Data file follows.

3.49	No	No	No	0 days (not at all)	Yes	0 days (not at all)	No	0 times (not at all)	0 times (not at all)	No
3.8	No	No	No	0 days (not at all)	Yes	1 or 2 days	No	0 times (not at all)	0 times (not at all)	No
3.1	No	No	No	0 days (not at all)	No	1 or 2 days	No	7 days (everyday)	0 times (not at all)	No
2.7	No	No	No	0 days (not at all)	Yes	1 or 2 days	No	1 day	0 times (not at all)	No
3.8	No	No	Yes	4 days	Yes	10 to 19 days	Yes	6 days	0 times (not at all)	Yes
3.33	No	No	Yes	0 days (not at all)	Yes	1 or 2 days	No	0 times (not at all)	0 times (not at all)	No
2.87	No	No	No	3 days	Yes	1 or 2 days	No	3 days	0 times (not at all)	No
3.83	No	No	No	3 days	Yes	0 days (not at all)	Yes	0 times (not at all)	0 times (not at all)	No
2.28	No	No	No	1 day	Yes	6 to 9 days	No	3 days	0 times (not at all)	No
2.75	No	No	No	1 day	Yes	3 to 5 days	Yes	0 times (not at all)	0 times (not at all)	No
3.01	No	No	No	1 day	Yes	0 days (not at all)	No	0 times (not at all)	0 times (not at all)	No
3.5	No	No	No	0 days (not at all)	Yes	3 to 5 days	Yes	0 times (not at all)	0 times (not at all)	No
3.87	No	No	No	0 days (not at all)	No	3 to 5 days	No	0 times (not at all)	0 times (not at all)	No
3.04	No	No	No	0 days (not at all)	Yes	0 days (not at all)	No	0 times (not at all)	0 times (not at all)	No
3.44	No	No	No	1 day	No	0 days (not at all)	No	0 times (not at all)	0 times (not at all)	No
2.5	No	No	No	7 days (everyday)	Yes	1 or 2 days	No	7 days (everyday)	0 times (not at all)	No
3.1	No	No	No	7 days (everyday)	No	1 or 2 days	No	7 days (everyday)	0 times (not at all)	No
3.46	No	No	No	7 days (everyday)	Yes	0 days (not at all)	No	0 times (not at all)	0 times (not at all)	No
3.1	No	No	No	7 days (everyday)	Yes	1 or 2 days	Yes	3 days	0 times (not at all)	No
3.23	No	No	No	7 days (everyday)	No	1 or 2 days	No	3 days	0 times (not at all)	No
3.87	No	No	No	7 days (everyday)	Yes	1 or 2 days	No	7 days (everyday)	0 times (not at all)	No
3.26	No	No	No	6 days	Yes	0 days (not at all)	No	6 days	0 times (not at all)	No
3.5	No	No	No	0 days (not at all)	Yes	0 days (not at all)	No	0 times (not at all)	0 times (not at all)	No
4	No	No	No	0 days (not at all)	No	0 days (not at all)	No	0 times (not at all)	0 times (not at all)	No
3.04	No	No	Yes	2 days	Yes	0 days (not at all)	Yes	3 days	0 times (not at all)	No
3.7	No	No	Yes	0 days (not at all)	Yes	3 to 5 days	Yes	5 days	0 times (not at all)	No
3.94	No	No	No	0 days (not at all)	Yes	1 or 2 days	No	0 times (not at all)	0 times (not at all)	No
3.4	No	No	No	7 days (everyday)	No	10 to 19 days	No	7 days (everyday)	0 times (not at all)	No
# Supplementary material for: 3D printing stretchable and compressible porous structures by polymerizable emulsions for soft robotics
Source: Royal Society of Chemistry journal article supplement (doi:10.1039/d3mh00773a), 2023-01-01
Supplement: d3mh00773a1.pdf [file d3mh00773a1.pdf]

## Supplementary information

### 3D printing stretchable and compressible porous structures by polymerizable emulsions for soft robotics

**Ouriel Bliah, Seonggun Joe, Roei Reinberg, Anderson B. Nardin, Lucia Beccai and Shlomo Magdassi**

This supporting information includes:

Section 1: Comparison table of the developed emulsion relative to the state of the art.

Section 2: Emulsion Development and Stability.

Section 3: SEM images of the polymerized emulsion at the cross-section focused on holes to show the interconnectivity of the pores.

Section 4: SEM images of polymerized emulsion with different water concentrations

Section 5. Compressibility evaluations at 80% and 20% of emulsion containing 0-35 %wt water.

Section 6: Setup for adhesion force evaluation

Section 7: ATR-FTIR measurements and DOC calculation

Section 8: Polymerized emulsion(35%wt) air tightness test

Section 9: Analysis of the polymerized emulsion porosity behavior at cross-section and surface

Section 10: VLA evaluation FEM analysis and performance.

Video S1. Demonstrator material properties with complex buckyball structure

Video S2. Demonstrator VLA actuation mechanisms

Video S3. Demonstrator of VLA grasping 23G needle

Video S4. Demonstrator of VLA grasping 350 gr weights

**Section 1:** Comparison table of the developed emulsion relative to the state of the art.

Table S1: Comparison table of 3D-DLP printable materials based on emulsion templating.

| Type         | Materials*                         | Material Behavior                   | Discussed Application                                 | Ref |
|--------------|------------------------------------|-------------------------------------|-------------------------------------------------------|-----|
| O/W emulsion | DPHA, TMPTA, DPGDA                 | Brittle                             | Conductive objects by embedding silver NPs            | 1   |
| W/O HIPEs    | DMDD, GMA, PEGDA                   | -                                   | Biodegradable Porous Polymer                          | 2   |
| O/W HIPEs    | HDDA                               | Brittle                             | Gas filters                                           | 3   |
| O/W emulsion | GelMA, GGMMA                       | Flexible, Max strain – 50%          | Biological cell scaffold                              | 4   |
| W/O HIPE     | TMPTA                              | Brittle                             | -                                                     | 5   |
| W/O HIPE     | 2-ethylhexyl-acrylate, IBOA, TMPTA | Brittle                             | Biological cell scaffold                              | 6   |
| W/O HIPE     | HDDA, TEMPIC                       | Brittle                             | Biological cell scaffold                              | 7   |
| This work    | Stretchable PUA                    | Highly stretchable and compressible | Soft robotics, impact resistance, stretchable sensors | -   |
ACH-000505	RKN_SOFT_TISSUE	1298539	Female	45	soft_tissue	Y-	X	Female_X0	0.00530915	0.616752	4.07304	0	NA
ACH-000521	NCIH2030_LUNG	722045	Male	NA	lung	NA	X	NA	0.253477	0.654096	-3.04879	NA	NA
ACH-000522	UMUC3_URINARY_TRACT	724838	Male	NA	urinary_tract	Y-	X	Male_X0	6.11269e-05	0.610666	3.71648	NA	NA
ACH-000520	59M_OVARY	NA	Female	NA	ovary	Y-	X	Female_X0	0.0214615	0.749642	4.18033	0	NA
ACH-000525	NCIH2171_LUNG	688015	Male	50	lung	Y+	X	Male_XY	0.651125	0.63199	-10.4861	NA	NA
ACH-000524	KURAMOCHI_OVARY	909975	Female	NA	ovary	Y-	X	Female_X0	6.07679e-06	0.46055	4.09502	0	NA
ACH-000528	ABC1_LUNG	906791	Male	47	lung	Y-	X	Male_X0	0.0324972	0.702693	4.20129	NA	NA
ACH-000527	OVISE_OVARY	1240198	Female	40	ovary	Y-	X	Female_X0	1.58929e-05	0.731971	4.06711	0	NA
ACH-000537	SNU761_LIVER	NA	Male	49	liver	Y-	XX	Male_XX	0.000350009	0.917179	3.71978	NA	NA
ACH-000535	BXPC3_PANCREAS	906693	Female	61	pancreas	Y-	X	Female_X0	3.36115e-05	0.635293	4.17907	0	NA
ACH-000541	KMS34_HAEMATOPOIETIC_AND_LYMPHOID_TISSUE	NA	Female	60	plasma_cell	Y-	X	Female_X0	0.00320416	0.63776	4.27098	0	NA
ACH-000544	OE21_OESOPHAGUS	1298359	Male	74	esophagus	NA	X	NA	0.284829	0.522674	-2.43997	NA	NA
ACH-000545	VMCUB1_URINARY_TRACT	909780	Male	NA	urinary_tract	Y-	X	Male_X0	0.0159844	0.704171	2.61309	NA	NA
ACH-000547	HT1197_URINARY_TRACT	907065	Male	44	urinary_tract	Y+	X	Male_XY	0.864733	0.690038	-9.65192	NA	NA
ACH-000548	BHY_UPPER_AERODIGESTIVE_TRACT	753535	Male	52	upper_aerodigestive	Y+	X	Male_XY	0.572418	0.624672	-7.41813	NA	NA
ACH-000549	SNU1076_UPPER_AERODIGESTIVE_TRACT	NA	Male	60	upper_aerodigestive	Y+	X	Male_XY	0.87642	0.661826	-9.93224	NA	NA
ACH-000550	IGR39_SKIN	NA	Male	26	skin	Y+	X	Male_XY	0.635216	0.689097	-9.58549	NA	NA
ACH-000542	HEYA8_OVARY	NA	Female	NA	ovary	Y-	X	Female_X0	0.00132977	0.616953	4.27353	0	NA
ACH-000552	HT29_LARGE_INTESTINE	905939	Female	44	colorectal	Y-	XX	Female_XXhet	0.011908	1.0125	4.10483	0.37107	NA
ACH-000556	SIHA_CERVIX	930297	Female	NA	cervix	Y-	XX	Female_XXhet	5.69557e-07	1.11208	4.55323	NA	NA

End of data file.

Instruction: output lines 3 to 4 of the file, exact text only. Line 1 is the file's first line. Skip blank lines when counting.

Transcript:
3.1	No	No	No	0 days (not at all)	No	1 or 2 days	No	7 days (everyday)	0 times (not at all)	No
2.7	No	No	No	0 days (not at all)	Yes	1 or 2 days	No	1 day	0 times (not at all)	No